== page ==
Flashback: I remember the first time I heard REM. Paul had just bought their first LP and we sat in his little bedroom, listening with something akin to amazement.
Now, I mention REM’s first LP because it was one of those exclamation mark moments, similar to “Measuring the Space” by inner-western Sydney band The Hadron Colliders.
My response to hearing this was immediate and positive, and I’ve now spun “Measuring the Space”…over and over.
There’s a lot of ‘50s revival acts and actors out there. And, I suspect for most, it’s just a bit of harmless narcissism. But the Rev…?
Have you ever stood in a jammed-in-crowded room and suddenly felt a large hand grip your balls and give them a playful squeeze? And there’s no-one around who looks like it was them..?
“Rev”, The Rev’s umpteenth LP, is full-tilt, in ya face, grabs your privates, smart, sassy, intelligent rock’n’roll from the old school.
For more than 40 years, Ed Kuepper has been creating music. Over that time, he's claimed a place as one of the most progressive and critically acclaimed singer-songwriters and guitar players to emerge from Australia.
Ed has been (mostly) in the shadows of the mainstream and has always forged his own path.
No-one sounds like Ed Kuepper.
I was about 12 when “I’m Stranded” blared from my television set. With a mouthfull of Milo and with my school bag thrown on the sofa, I raced over and turned the volume up of the old National 18-inch colour “telly”. I was blown away by the sound and the image. It was the afternoon show ABC ‘s Flashez that I recall and an interview followed with people who seemed like street urchins. It was explosive. These blokes – The Saints - were the real deal.
This New Jersey four-piece might be one of the oddest bands to grace the reviews section of the I-94 Bar - or most other places. if you know of any others to have a lead xylophone/glockenspeil player as backing vocalist, well you know our address.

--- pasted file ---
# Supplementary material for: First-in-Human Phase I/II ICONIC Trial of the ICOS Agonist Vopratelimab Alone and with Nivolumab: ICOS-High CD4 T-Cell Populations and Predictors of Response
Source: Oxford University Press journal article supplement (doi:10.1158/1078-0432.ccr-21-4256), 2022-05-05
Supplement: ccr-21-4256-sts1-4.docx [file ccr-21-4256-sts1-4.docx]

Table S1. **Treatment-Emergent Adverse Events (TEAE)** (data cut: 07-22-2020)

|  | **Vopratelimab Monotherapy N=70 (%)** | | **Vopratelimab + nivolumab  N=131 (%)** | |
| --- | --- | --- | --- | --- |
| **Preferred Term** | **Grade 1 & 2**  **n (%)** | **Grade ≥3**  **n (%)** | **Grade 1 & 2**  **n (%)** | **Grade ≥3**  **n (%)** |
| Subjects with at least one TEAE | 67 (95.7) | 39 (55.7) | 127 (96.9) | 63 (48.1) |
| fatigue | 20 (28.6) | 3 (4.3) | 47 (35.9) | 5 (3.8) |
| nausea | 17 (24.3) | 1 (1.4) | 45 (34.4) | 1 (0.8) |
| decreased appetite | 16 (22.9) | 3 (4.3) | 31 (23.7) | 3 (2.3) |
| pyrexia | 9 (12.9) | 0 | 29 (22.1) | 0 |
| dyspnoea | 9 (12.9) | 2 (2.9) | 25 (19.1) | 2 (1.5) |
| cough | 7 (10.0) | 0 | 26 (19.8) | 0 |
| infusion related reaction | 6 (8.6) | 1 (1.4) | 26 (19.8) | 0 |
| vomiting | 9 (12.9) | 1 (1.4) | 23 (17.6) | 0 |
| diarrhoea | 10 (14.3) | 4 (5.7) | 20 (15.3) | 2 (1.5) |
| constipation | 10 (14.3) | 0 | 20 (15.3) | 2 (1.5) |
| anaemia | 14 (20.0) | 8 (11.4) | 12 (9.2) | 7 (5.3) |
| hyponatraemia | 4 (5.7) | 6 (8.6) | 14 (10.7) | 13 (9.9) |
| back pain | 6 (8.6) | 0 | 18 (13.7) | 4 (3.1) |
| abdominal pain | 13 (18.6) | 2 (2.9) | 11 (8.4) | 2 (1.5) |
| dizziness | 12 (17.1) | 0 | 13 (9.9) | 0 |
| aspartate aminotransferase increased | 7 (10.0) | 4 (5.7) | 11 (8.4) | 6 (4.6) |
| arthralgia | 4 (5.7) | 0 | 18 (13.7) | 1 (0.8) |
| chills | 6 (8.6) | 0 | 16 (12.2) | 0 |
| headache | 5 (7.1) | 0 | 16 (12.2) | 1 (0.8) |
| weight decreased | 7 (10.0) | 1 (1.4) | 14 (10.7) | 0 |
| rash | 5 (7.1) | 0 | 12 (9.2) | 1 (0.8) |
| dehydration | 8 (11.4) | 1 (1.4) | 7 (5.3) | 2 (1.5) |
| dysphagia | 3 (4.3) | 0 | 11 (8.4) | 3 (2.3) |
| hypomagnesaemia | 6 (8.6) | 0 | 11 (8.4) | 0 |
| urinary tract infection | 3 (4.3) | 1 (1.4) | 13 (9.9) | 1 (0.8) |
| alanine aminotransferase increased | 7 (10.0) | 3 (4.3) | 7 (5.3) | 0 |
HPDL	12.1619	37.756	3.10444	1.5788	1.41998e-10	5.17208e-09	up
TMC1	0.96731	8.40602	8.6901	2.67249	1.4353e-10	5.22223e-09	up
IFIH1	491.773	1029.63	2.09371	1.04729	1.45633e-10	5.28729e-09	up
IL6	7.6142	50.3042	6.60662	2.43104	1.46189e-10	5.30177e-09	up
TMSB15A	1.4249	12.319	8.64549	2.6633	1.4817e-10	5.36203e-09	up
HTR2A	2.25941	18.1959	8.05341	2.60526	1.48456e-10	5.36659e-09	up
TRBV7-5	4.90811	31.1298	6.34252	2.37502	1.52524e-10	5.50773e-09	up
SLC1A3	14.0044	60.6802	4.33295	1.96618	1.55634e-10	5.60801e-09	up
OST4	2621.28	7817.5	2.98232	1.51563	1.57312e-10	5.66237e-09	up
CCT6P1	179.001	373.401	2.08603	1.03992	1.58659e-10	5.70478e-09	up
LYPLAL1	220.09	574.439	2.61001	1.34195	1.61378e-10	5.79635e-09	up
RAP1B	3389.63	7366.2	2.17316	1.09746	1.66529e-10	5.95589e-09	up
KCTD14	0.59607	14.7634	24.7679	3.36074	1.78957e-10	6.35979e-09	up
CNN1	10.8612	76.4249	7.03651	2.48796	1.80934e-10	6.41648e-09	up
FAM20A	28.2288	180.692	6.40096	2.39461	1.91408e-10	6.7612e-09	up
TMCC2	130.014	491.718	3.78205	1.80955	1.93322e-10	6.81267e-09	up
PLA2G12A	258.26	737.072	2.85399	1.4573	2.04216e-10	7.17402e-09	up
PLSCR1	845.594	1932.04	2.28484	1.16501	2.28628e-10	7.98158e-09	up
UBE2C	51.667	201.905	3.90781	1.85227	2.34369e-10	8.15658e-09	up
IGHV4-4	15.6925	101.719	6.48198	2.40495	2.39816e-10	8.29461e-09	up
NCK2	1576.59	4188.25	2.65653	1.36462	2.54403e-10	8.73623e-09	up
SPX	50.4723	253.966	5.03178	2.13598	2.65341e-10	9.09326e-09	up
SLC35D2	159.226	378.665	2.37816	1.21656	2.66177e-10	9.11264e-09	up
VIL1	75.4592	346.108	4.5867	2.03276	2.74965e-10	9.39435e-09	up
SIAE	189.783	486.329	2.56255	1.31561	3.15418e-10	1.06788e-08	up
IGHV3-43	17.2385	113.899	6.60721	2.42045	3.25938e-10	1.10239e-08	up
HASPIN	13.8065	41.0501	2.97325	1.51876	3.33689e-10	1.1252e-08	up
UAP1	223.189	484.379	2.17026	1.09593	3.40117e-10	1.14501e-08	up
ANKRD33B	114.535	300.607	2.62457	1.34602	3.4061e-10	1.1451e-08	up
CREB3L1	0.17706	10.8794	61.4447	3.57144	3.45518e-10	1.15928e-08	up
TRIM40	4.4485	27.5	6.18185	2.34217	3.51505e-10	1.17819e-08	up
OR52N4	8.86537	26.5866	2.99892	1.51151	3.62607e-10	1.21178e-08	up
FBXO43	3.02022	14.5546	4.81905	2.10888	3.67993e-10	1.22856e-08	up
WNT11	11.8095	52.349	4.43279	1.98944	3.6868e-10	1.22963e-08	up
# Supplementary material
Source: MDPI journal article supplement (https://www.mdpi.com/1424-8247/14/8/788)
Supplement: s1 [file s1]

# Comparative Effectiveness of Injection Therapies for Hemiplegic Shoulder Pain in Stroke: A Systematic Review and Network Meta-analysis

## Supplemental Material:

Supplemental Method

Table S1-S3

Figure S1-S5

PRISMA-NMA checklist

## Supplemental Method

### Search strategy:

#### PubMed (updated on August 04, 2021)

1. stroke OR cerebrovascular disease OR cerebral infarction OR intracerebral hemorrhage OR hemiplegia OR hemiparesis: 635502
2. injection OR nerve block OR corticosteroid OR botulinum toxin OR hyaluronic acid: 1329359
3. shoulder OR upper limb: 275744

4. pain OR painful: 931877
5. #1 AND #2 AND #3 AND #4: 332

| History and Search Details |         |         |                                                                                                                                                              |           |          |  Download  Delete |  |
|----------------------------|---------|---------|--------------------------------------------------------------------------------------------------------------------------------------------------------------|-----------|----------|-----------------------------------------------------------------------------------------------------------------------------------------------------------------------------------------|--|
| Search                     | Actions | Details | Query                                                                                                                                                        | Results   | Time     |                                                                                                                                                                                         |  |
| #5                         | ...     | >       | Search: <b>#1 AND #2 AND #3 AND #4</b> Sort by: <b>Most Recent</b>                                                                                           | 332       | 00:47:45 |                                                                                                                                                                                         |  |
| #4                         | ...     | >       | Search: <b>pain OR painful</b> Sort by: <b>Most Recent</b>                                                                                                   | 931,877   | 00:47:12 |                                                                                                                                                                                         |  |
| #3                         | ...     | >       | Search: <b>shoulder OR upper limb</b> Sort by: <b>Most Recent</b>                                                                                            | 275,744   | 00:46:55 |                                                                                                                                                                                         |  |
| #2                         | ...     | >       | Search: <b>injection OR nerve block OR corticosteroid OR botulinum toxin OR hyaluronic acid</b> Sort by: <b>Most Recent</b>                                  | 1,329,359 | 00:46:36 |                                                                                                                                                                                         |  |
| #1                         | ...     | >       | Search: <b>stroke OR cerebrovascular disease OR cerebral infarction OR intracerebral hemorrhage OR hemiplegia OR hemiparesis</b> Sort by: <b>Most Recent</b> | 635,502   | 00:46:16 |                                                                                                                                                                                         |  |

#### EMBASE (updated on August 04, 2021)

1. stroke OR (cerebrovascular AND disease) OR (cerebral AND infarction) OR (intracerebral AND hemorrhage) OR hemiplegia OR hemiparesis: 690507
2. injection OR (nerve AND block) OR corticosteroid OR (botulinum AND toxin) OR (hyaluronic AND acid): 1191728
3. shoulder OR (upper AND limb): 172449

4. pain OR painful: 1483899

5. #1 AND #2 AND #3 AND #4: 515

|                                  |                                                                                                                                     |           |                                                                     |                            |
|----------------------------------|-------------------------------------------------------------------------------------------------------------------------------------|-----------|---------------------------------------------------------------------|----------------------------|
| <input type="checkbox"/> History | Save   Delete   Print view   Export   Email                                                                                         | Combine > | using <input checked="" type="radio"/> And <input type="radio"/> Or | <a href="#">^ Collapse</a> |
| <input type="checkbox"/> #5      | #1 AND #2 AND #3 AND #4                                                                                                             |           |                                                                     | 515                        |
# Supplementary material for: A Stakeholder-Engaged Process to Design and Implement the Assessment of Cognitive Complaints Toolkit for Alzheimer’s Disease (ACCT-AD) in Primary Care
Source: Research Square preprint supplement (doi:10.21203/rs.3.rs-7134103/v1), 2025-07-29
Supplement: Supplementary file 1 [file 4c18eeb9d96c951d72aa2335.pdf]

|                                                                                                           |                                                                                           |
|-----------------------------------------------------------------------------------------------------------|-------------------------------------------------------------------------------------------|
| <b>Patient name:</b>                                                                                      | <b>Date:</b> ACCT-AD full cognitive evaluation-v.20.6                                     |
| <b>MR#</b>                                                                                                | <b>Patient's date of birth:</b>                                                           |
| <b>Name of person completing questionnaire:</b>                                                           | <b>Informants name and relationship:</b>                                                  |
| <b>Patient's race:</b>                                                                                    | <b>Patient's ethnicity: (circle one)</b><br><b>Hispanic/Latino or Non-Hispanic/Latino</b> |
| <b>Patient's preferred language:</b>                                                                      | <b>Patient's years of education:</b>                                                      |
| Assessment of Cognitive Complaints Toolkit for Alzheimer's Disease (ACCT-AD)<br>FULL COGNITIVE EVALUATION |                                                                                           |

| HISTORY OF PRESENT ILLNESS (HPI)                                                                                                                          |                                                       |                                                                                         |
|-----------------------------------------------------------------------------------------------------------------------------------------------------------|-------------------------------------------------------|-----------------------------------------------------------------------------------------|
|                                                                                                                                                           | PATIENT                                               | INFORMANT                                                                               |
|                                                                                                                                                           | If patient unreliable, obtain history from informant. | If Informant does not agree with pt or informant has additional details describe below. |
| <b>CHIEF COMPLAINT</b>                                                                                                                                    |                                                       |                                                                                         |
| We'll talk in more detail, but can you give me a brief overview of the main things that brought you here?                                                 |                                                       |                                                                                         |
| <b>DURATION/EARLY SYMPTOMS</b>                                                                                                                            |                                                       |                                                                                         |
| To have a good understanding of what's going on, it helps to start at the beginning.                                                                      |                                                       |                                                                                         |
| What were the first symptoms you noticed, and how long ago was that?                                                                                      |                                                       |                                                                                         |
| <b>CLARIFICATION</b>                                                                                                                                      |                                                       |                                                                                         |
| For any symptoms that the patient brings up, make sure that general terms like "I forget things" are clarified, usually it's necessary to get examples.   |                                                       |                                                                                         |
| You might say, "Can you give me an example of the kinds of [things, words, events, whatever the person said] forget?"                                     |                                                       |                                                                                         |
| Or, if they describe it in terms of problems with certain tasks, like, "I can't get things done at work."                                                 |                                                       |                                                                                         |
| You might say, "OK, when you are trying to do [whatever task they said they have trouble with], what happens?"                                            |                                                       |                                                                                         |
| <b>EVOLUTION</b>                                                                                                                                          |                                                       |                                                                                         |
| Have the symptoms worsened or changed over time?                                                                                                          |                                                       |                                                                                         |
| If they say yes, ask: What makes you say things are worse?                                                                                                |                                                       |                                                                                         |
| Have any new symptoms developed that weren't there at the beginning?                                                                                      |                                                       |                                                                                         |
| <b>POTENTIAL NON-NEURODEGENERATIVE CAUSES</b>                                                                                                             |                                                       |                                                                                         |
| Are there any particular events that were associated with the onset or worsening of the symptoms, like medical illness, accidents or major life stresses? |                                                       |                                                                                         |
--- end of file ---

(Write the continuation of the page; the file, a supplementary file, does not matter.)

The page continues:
OK, Dave Graney uses a fair chunk of vibraphone in some of his music. Mark Sultan made a killer solo record("The Sultanic Verses") with dinky keys and xylophone. Tommy Hall’s jug rhythms made 13th Floor Elevators sound other-worldy. Using a glockenspiel as a melodic advice puts Crazy & The Brains in a different category.
There’s a case to be made for not messing with the tried and tested formula of two sharp-edged guitars, a raucous singer and an energetic engine room and Welsh band The Sick Livers knows it only too well.
If you thought South Wales was only good for rugby union, Harry Secombe and massed male choirs, think again. The Sick Livers add glam punk (“glunk”) to the list in emphatic style. “Motors, Women, Drugs, Booze & Killing” doesn’t break any fresh ground in terms of musical style or lyrical content - but don’t let that deter you if you prefer your cocktails served in the gutter without extraneous fruit or little paper umbrellas.
These five gnarly Welshmen won’t win any beauty contests but latch onto three chords like a starving Pembroke Corgi chomping down on a Glamorgan sausage after a five-day fast. They name-check Turbonegro (and especially fair call) and Backyard Babies in their bio and even some bloke called Glen Matlock likes ‘em. No, that doesn’t mean they sound like the Beatles, smart arse.
This is the initial release on the Remarquable label and what a way to start. Basically the deal is that these folks have gotten their hands on some utterly prime Johnny Thunders music that no one has heard before. They are focusing on the year 1978, when Johnny was on Real Records and put out his classic solo album "So Alone".